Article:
Investor Spotlight: Chris Dixon, Investor In Early-Stage Startups

Investor Spotlight: Chris Dixon, Investor In Early-Stage Startups



Chris Dixon is currently the CEO & Co-founder of Hunch. Chris’ blog is written from the perspective of the entrepreneur

# Hunch personalizes the internet by helping you share and discover great recommendations about all sorts of topics.
# Chris Dixon graduated with Bachelor of Arts and MA from Columbia University, majoring in Philosophy.
# He has an MBA ,Business Administration from Harvard Business School
# Chris designed and programmed multimedia web applications, including the original version of Oddcast’s talking avatar software, and the karaoke software that became kSolo, later acquired by MySpace/Fox
# He is a personal investor in early-stage technology companies, including Skype, Foursquare, Kickstarter, Stack Overflow, TrialPay, DocVerse (acq by GOOG), Invite Media (acq by GOOG), Gerson Lehrman Group, ScanScout, OMGPOP, BillShrink, Panjiva, Knewton, and a handful of other startups that are still in stealth mode.
Chris Dixon’s thoughts and insights on starting up and entrepreneurship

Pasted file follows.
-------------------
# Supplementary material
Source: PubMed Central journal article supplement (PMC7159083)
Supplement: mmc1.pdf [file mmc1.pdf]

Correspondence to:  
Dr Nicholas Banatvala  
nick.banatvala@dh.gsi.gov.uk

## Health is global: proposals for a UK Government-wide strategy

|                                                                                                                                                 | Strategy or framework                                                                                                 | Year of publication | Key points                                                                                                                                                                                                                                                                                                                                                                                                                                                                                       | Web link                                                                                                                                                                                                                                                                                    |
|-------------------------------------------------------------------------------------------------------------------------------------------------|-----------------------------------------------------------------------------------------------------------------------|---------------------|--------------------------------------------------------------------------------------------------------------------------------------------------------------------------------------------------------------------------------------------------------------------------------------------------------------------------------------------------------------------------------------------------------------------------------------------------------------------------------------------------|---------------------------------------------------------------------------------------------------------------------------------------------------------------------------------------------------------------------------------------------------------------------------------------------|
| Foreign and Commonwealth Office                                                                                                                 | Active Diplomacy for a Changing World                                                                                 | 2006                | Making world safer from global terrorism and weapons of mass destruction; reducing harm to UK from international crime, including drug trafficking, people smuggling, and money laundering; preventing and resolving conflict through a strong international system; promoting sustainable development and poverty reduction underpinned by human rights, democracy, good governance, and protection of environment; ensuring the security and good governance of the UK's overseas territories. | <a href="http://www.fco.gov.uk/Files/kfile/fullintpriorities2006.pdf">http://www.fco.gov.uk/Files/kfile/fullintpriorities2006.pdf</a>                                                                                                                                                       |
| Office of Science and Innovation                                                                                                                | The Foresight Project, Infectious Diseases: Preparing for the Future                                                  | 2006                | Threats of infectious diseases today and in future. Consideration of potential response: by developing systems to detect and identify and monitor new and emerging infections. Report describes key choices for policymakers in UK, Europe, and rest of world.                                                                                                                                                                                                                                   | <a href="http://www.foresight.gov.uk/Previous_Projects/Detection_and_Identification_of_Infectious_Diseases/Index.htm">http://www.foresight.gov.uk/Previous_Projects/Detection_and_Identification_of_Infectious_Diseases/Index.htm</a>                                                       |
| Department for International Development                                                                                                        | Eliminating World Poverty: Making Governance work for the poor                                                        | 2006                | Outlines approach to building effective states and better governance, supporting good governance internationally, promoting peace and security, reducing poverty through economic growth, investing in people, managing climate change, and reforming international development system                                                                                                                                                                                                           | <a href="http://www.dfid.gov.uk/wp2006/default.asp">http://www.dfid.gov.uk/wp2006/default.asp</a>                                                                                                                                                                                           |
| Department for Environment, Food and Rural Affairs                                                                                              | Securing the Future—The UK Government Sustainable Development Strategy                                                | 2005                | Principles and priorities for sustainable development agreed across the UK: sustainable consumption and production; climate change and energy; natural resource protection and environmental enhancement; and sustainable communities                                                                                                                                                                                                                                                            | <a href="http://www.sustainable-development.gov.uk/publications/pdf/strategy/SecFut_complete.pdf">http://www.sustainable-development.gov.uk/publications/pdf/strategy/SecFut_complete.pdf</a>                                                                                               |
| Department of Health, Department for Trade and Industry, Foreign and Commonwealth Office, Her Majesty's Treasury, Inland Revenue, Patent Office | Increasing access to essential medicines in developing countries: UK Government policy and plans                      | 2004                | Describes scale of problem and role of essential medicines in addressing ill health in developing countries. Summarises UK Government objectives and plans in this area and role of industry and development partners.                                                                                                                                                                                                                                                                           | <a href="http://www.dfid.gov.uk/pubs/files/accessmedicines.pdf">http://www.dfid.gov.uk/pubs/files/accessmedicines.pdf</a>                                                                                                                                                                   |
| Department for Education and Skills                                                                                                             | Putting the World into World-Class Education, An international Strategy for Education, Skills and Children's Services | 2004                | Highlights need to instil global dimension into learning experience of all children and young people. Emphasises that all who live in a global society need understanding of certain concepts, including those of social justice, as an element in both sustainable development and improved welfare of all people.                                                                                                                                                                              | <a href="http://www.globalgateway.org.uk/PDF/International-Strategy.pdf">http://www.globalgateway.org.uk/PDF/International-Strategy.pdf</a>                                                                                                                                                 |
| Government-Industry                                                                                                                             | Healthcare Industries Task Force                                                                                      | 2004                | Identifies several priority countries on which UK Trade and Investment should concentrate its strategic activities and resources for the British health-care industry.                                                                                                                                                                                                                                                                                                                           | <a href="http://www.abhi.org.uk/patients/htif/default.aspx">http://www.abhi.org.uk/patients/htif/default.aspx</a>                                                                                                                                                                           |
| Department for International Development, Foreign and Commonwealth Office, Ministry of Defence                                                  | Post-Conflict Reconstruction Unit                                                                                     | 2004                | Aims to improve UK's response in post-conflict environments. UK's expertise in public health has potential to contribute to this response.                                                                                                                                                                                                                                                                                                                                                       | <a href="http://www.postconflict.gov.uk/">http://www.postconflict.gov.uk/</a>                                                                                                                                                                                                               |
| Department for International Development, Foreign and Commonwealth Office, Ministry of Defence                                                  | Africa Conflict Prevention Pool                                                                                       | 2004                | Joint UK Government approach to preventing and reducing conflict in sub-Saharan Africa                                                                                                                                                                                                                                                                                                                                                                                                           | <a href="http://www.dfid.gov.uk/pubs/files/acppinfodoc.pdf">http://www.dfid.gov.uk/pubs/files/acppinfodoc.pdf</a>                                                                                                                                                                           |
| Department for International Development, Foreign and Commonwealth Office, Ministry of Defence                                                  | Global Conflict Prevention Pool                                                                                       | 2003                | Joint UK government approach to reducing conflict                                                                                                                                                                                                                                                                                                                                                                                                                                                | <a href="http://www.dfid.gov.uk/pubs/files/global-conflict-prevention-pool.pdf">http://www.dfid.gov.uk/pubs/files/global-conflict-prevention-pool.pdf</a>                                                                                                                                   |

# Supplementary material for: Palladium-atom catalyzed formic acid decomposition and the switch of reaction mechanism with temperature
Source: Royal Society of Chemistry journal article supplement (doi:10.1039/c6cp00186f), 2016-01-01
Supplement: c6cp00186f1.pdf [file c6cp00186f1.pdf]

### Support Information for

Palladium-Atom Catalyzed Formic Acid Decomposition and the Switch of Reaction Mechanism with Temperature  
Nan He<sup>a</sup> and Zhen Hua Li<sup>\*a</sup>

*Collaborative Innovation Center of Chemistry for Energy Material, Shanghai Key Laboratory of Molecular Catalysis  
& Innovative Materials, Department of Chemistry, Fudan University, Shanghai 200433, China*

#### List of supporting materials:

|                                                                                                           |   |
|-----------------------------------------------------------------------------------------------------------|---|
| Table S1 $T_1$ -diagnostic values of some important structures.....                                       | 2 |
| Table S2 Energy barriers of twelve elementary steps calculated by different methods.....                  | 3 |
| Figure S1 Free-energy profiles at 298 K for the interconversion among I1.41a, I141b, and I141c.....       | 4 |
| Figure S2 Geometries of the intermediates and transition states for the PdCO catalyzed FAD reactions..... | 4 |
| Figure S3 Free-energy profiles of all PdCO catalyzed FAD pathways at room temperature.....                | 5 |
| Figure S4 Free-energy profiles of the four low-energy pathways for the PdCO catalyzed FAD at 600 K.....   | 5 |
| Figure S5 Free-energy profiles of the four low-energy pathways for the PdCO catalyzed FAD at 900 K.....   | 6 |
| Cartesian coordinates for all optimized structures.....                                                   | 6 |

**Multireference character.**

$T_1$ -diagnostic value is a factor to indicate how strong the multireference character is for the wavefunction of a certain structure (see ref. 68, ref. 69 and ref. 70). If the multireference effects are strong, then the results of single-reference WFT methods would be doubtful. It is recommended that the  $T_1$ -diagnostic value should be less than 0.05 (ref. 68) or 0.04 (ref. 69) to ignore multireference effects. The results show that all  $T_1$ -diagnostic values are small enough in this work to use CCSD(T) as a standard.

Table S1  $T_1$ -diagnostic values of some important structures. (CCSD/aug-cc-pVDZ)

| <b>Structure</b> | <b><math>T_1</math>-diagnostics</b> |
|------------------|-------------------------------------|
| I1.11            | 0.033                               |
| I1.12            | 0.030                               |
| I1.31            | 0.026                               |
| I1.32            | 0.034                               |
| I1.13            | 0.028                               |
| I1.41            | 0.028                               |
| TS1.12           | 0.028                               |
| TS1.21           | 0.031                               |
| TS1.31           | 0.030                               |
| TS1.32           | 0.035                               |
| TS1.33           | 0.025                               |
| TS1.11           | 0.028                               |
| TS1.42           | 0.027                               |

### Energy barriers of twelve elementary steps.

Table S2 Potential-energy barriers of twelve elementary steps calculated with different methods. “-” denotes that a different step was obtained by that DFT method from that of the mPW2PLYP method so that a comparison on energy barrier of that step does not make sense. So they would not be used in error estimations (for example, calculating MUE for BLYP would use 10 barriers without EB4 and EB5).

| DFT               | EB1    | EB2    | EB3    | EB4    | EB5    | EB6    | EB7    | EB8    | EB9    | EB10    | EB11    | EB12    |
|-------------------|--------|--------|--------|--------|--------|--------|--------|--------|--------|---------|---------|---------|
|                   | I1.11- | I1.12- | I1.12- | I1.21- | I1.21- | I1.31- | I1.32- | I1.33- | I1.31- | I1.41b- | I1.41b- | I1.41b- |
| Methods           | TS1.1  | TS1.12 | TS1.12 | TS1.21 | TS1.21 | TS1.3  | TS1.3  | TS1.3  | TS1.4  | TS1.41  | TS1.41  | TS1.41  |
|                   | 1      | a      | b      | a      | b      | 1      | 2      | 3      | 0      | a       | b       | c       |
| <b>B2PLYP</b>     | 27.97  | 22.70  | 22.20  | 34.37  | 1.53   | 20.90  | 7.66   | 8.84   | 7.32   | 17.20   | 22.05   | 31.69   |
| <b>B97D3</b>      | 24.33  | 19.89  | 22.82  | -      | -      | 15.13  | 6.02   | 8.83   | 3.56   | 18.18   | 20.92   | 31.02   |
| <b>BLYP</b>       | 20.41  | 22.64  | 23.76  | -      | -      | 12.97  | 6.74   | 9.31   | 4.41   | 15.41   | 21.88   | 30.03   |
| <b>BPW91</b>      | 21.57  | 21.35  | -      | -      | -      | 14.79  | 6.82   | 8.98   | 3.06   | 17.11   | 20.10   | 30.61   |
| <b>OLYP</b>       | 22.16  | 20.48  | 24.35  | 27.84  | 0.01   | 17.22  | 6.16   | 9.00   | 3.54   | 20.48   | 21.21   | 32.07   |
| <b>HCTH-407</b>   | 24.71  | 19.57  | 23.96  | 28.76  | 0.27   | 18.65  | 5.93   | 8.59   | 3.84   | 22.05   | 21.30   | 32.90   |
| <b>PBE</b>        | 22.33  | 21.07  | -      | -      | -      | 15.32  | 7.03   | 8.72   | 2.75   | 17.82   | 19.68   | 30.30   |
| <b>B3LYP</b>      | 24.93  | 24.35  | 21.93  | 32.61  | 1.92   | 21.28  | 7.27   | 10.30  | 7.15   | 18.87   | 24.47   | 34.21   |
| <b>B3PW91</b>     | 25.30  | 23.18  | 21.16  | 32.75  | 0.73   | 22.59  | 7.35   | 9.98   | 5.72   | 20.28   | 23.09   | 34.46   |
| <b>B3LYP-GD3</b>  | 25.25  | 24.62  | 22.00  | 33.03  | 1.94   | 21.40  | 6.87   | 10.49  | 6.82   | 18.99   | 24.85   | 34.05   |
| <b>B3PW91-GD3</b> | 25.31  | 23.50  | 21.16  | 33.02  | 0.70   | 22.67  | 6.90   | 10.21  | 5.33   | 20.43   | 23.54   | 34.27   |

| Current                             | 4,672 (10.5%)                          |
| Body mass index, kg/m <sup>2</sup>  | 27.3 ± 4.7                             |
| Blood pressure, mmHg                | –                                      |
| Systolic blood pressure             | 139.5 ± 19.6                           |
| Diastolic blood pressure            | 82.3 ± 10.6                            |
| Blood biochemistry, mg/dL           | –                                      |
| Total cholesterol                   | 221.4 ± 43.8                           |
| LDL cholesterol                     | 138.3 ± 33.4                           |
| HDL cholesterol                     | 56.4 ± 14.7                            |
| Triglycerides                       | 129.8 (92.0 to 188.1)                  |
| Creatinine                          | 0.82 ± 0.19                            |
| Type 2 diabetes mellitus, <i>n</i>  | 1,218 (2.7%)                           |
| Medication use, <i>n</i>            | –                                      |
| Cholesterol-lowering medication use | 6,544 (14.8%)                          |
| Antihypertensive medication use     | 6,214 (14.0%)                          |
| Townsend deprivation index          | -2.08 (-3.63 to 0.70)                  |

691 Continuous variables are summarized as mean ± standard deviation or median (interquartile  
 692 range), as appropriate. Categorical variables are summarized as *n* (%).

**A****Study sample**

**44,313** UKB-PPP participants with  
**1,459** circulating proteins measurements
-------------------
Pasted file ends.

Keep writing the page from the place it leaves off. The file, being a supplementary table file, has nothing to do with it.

1. I got involved in investing mostly to get into the flow of what was happening on the Internet, It was the exact opposite of the reason as to why others may invest.
  2. There are two kinds of investors: Ron Conways who try to create value by finding good people and helping them create something great, and others, who want a piece of someone else’s things. The builders and the extractors. Avoid the extractors.
  3. When founding a tech startup, there are certain areas where you should spend time trying to be creative/innovative. Generally these should be: product, recruiting, marketing
  4. Make something weighty – try to build an empire – and you’ll be far less vulnerable to the ups and downs of the market.
  5. When you take any money at all from a big VC in a seed round, you are effectively giving them an option on the next round, even though that option isn’t contractual
  6. A startup is a long trip — what you should care about is whether, through the ups and downs and after the buzz dies down, the investors will actually roll up their sleeves and help you.
  7. Good startups build an initial user base with simple features and then quickly iterate to create products that are enduringly useful.
  8. You can’t outsource the understanding of key financing and other legal documents to lawyers
  9. For early-stage companies, you should never rely on quantitative analysis to estimate market size. Venture-style startups are bets on broad, secular trends.

Check out his blog content, its a startup resource guide.

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